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Toth v. Colvin

United States District Court, M.D. Pennsylvania

February 14, 2014

GARY TOTH, Plaintiff,


THOMAS M. BLEWITT, Magistrate Judge.


Plaintiff, Gary Toth, filed, through counsel, a Complaint on June 28, 2013, appealing the final decision denying his application for Social Security Disability Insurance Benefits, pursuant to 42 U.S.C. §405(g). (Doc. 1). Plaintiff paid the filing fee. The Complaint named as Defendant Michael J. Astrue former Commissioner of Social Security. As both parties recognize, Defendant is now Carolyn W. Colvin, Acting Commissioner of Social Security.

This Court has jurisdiction over this case pursuant to 42 U.S.C. §405(g) and 42 U.S.C. § 1383(c)(3).

On August 29, 2013, the Defendant filed an Answer to the Complaint. (Doc. 7). Defendant also filed the complete administrative record. (Doc. 8). On October 2, 2013, the Plaintiff filed his Brief in support of his Complaint. (Doc. 9). On October 31, 2013, the Defendant filed her Brief. (Doc. 10). Plaintiff did not file a Reply Brief.

Plaintiff Toth, born on December 12, 1964, filed an application for Disability Insurance Benefits ("DIB"), pursuant to Title II of the Social Security Act (the "Act"), 42 U.S.C. §§401-434, on March 28, 2010, alleging disability due to his degenerative disc disease back condition and pain since October 16, 2009. (TR. 20).[1] Plaintiff has not engaged in substantial gainful activity since his alleged onset date. Plaintiff met the insured status requirements of the Act through September 13, 2013. Plaintiff s DIB application was initially denied by the Agency on September 21, 2010. (TR, p. 16). The Plaintiff filed a written request for a hearing. On December 2, 2011, a hearing was held before the Administrative Law Judge ("ALJ") in Scranton, Pennsylvania. (TR, pp. 13-26). Plaintiff, who at the time was 46 years old, testified at the hearing and vocational expert Giorgio also testified at the hearing.

On May 24, 2012, the ALJ issued a decision denying Plaintiff's application for disability benefits and finding that Plaintiff was not under a disability within the meaning of the Act from October 16, 2009, through the date of the decision. (TR, p. 16). The ALJ found that Plaintiffs back pain prevented him from performing his past relevant work at the heavy exertional level. However, the ALJ found that Plaintiff had the capacity to perform a limited range of sedentary work with a sit/stand option. The Plaintiff appealed the ALJ's decision to the Appeals Council. On June 5, 2013, the Appeals Council denied the Plaintiff's appeal. The Plaintiff then initiated the instant civil action in this federal Court. (Doc. 1).

For the reasons set forth below, we will recommend that the Plaintiff's appeal from the decision of the Commissioner of Social Security denying his claim for DIB benefits be denied.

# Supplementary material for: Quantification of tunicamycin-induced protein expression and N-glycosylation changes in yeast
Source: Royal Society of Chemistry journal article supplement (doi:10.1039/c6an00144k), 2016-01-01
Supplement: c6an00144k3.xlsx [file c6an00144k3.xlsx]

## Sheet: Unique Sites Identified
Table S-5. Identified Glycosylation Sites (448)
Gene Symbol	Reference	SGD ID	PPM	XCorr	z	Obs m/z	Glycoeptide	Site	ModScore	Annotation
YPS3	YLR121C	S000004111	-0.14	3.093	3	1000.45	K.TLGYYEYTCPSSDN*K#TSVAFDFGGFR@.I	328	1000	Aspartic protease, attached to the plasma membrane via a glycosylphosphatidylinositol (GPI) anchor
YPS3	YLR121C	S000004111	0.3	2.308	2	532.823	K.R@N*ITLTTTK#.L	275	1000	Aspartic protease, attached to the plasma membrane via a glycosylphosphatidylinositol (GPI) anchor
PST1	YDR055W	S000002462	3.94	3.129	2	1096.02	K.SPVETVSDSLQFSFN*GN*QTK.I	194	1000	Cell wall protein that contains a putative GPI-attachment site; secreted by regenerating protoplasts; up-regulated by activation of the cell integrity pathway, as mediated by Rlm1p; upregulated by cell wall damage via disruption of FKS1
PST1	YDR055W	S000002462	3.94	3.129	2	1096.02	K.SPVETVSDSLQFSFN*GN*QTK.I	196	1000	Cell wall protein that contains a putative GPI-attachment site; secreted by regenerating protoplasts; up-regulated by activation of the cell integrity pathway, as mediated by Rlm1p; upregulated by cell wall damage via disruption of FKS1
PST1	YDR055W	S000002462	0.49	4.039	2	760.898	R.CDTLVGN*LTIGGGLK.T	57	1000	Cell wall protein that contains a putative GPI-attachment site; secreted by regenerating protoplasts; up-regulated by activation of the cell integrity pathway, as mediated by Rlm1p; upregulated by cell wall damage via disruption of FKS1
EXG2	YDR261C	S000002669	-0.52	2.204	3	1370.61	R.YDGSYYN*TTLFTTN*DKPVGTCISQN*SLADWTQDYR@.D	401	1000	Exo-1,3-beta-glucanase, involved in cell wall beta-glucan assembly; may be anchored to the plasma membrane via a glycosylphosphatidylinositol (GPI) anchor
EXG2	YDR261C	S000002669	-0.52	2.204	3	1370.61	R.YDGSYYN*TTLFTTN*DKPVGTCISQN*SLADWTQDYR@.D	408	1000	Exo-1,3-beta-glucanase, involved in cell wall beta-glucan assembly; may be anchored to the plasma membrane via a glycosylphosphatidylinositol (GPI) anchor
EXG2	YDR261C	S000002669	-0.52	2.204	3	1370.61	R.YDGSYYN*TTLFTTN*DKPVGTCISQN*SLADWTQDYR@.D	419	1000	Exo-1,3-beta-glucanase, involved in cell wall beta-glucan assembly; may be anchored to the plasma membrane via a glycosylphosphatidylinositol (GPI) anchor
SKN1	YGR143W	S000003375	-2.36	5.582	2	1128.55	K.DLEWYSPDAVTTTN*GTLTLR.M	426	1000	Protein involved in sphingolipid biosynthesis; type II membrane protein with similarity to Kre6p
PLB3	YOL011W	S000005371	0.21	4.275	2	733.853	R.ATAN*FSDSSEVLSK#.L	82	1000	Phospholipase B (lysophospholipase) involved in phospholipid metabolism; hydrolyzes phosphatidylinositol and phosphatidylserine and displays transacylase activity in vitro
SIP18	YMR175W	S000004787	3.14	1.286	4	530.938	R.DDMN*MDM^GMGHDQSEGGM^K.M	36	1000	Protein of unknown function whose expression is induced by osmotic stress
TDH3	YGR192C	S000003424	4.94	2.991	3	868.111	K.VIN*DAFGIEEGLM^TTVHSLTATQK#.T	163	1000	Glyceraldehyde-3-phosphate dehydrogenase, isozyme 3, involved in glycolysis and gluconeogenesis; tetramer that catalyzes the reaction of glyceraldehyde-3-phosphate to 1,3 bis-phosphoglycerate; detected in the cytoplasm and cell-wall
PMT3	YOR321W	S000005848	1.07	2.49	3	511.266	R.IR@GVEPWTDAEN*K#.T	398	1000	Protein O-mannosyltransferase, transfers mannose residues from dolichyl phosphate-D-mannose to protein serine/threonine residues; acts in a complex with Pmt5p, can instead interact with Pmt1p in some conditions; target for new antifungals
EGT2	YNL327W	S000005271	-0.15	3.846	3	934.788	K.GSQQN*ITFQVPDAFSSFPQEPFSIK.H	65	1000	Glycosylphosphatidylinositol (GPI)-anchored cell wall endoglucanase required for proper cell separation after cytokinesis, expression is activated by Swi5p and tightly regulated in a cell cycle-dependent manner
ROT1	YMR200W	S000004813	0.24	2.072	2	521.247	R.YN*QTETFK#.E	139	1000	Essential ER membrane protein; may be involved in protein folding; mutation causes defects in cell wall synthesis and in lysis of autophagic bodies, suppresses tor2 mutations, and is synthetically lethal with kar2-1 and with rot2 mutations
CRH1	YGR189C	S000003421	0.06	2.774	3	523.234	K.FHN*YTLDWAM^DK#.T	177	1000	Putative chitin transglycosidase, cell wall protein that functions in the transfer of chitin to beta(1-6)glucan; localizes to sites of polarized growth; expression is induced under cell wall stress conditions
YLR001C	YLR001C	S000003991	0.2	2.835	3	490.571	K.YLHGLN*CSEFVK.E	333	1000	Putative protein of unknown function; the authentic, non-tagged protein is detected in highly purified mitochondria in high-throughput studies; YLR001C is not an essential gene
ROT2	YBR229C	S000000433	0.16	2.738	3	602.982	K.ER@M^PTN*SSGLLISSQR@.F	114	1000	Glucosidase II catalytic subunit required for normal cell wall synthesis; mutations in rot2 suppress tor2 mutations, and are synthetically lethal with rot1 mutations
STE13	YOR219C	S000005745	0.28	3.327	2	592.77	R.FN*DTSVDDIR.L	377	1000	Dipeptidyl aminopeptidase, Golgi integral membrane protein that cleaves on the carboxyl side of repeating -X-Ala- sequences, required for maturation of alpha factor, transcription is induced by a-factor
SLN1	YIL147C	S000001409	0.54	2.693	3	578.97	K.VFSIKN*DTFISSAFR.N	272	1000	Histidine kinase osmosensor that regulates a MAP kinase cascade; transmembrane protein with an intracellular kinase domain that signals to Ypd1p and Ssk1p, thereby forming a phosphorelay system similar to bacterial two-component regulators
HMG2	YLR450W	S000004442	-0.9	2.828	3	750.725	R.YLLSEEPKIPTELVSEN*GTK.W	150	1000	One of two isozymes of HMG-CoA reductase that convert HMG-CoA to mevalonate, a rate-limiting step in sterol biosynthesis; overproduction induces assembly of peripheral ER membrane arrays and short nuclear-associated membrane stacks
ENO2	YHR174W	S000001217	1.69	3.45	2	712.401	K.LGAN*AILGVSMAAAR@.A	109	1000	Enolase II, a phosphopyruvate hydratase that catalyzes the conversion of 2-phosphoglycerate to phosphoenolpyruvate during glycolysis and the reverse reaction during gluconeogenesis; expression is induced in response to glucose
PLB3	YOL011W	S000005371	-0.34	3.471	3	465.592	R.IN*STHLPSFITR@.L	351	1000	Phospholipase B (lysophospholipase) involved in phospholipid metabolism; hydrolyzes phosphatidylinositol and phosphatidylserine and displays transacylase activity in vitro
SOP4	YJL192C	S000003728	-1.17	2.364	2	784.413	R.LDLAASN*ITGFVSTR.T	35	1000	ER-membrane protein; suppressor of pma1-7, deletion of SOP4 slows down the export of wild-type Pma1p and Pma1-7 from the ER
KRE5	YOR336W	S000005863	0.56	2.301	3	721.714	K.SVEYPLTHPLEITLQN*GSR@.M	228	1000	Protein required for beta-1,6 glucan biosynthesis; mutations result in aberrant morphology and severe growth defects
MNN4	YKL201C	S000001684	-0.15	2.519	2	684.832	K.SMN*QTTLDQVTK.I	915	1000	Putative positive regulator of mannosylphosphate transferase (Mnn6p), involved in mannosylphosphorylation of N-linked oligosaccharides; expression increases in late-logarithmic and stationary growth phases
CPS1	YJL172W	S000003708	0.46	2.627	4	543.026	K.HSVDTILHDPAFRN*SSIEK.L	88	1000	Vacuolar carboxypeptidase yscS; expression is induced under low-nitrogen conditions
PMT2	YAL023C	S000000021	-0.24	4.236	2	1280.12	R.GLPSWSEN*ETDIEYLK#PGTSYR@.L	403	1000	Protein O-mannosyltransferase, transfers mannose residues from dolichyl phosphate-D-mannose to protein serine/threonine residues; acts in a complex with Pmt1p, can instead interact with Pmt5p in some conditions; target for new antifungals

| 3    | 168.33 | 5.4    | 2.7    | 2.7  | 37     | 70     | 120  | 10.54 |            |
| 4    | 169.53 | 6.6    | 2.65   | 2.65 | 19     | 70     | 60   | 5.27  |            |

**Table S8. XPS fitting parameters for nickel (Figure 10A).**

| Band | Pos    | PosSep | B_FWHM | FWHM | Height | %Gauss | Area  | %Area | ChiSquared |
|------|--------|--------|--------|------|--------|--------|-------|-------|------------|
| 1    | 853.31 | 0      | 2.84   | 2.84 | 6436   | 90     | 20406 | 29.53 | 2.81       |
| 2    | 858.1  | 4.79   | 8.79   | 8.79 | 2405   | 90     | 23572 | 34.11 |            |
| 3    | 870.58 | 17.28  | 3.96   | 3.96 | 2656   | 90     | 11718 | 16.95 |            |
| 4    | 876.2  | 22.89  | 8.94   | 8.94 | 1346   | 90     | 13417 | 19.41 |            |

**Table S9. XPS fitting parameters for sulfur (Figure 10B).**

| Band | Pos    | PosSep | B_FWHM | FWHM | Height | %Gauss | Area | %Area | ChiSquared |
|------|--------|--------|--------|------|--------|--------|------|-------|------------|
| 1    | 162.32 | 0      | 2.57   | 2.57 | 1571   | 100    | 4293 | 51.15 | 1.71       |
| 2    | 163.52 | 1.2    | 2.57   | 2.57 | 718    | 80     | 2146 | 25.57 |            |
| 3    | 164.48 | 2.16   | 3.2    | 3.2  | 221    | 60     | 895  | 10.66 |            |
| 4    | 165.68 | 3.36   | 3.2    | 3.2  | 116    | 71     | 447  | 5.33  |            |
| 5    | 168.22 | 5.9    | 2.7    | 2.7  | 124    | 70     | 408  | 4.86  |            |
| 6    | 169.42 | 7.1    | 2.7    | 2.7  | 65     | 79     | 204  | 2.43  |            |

When reviewing the denial of disability benefits, we must determine whether the denial is supported by substantial evidence. Brown v. Bowen, 845 F.2d 1211, 1213 (3d Cir. 1988); Johnson v. Commissioner of Social Sec., 529 F.3d 198, 200 (3d Cir. 2008). Substantial evidence "does not mean a large or considerable amount of evidence, but rather such relevant evidence as a reasonable mind might accept as adequate to support a conclusion." Pierce v. Underwood, 487 U.S. 552 (1988); Hartranft v. Apfel, 181 F.3d 358, 360. (3d Cir. 1999); Johnson, 529 F.3d at 200. It is less than a preponderance of the evidence but more than a mere scintilla. Richardson v. Perales, 402 U.S. 389, 401 (1971).

To receive disability benefits, the Plaintiff must demonstrate an "inability to engage in any substantial gainful activity by reason of any medically determinable physical or mental impairment which can be expected to result in death or which has lasted or can be expected to last for a continuous period of not less than 12 months." 42 U.S.C. § 432(d)(1)(A).


[a]n individual shall be determined to be under a disability only if [her] physical or mental impairment or impairments are of such severity that [she] is not only unable to do [her] previous work but cannot, considering [her] age, education, and work experience, engage in any other kind of substantial gainful work which exists in the national economy, regardless of whether such work exists in the immediate area in which [she] lives, or whether a specific job vacancy exists for [her], or whether [she] would be hired if [she] applied for work. For purposes of the preceding sentence (with respect to any individual), "work which exists in the national economy" means work which exists in significant numbers either in the region where such individual lives or in several regions of the country.

42 U.S.C. § 423(d)(2)(A).


A five-step evaluation process is used to determine if a person is eligible for disability benefits. See 20 C.F.R. § 404.1520. See also Plummer v. Apfel, 186 F.3d 422, 428 (3d Cir. 1999). If the Commissioner finds that a Plaintiff is disabled or not disabled at any point in the ...

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